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How Cigarettes And Cell Phones Allegedly Led To A Kidnapping

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Courtesy of the North Carolina Department of Public Safety
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It started with cigarettes and cell phones. It ended when an FBI hostage rescue team freed the father of a Wake County assistant district attorney and with two former North Carolina prison guards facing federal charges. Just how the guards helped make the kidnapping, which took place last year, possible were laid out in federal charges this week.

In 2014, Gregory Gouldman was in charge of the night shift at Polk Correctional Institute. He made just over $32,000 a year according to the state salary database. And Gouldman, prosecutors say, first started adding to that income by sneaking banned cigarettes into the prison and selling them to an inmate in solitary confinement for $50 a pack.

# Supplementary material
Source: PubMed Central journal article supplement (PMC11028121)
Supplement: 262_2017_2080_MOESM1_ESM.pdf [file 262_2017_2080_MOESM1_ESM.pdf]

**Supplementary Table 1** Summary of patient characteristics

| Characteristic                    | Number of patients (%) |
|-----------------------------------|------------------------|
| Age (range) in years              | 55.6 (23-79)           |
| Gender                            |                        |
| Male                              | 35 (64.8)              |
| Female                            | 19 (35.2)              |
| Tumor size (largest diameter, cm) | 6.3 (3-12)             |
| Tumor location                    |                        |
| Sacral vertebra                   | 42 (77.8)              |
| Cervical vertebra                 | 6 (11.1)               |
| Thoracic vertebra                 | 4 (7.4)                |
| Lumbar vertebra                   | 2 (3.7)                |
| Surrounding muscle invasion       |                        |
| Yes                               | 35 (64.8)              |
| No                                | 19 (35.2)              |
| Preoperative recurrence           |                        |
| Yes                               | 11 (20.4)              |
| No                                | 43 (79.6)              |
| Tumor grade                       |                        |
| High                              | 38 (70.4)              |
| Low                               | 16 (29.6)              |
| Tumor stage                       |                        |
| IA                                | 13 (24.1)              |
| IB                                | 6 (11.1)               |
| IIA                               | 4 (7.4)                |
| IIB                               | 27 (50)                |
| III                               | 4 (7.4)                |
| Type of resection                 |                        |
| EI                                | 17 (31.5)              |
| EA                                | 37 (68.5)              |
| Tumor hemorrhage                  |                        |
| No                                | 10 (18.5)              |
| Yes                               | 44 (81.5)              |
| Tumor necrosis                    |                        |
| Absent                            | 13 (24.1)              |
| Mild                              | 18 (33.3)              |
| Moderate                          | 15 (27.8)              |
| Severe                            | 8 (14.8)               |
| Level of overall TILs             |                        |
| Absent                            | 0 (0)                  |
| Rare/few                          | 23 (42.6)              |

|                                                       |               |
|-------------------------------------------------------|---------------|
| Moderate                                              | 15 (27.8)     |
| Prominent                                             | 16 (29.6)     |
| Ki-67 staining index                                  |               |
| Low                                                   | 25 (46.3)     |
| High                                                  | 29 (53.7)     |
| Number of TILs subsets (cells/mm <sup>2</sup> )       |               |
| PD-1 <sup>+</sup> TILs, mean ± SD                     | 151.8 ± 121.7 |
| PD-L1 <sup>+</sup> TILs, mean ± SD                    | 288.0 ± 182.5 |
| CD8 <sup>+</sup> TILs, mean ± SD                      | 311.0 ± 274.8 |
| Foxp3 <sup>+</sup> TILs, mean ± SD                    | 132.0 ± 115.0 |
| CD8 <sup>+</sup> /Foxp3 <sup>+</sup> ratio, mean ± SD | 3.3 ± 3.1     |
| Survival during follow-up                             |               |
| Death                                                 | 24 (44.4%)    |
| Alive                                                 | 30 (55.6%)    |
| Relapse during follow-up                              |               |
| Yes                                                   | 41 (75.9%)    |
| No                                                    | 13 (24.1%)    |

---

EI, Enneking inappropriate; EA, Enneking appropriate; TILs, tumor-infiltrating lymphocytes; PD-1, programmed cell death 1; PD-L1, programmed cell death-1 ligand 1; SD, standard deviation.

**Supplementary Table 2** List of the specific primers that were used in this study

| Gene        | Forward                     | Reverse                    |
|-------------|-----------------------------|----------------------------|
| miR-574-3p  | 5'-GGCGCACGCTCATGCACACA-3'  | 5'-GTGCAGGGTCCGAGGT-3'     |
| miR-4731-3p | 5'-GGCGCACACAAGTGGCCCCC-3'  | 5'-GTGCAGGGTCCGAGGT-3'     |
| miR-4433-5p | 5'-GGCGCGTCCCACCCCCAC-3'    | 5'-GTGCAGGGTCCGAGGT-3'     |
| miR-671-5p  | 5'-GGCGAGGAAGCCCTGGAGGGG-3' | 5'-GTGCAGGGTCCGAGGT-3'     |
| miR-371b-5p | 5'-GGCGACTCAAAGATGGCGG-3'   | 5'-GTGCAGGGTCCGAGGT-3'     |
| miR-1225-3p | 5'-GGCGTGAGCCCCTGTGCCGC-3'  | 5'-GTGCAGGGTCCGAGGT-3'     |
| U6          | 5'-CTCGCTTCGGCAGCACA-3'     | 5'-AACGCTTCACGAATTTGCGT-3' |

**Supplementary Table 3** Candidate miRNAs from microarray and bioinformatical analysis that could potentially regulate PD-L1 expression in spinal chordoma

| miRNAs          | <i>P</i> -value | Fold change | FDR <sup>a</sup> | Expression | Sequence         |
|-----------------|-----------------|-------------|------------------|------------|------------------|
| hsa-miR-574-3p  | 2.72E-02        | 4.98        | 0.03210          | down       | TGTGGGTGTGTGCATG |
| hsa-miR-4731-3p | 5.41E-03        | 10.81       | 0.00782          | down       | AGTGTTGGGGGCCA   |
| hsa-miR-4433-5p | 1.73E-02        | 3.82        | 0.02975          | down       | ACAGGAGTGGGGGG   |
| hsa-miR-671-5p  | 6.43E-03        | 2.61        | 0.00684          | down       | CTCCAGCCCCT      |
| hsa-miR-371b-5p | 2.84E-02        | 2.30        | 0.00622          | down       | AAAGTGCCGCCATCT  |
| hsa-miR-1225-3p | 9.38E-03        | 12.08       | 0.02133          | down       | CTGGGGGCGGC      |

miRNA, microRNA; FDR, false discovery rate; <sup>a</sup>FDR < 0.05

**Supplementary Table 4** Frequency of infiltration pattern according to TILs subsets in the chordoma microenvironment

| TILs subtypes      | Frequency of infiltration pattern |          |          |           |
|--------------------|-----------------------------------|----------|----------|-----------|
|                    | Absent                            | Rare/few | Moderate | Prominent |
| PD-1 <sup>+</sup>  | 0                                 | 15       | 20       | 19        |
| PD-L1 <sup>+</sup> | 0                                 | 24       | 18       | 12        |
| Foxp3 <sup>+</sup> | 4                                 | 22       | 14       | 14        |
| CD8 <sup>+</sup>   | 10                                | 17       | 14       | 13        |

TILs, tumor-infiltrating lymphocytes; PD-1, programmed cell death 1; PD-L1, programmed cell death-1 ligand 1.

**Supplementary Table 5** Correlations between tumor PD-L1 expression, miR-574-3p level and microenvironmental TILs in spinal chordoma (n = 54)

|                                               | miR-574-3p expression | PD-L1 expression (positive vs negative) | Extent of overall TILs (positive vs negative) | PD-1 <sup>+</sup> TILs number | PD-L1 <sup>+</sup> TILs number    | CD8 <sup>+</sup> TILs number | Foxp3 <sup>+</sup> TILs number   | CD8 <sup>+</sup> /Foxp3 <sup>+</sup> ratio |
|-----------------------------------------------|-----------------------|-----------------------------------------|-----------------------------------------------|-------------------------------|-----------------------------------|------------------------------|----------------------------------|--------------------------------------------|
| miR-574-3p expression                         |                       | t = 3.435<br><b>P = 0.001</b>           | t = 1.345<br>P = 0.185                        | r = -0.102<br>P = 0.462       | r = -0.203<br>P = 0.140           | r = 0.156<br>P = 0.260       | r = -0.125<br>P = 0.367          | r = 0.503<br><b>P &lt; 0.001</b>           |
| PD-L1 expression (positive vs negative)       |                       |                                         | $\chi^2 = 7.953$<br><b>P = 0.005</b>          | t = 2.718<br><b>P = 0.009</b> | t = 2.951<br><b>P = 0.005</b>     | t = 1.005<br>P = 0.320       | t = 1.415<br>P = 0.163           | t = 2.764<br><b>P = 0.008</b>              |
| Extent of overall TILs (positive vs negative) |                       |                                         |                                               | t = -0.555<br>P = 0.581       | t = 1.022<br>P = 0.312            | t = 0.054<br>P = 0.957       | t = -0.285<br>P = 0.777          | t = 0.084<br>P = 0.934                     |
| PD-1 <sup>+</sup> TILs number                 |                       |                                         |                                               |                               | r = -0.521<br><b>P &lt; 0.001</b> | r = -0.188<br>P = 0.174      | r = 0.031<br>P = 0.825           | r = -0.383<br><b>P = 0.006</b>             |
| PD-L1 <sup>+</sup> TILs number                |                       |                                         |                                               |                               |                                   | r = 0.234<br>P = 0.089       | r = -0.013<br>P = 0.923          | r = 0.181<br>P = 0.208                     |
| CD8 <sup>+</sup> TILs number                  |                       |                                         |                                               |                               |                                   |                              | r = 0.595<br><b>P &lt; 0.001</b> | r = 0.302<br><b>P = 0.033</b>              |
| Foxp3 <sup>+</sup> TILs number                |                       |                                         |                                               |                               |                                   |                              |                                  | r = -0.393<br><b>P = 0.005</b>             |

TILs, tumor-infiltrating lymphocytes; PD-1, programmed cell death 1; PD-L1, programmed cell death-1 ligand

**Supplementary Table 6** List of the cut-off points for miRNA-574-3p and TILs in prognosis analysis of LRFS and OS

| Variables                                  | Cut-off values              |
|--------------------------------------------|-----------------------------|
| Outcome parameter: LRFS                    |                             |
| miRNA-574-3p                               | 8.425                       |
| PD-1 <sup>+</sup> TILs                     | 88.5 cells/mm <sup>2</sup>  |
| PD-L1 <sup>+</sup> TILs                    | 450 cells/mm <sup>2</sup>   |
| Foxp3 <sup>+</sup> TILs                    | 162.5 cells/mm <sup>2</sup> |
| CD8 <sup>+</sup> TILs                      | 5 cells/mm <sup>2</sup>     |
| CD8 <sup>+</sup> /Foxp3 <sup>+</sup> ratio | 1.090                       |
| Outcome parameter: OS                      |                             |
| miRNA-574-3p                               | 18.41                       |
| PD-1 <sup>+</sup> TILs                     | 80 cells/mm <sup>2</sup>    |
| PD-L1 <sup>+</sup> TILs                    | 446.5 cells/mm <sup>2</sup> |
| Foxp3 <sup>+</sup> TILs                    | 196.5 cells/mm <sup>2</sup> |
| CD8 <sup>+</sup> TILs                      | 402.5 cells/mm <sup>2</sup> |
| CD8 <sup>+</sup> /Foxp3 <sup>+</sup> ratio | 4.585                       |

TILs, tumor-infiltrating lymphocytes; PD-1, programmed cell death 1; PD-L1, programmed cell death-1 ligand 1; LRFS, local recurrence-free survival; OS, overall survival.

Soon the inmate asked for more and more contraband. Gouldman agreed and met with the inmate’s girlfriend in a parking lot in town. She gave him a sock stuffed with marijuana and quote a couple hundred bucks. He kept the cash, smoked some of the pot and later slipped the rest to the inmate during his shift.

Then another inmate started requesting banned items. So Gouldman met another woman, this time in the prison’s parking lot, she handed him a Wendy’s bag containing two cheeseburgers. The guard got it through security by saying it was his lunch. Inside the cheeseburgers were packets of marijuana which Gouldman allegedly delivered to the second inmate along with his laundry.

Later, a Subway sandwich with cell phones stuffed inside earned him $600 from an inmate. Roughly equal to a week and a half of pay for the guard. This pattern, prosecutors say, was repeated over and over again.

At some point, prosecutors believe, one of the cell phones made it to a gang leader in solitary confinement and he ordered the kidnapping.

If convicted Gouldman face a maximum of 20 years in prison and a $250,000 fine.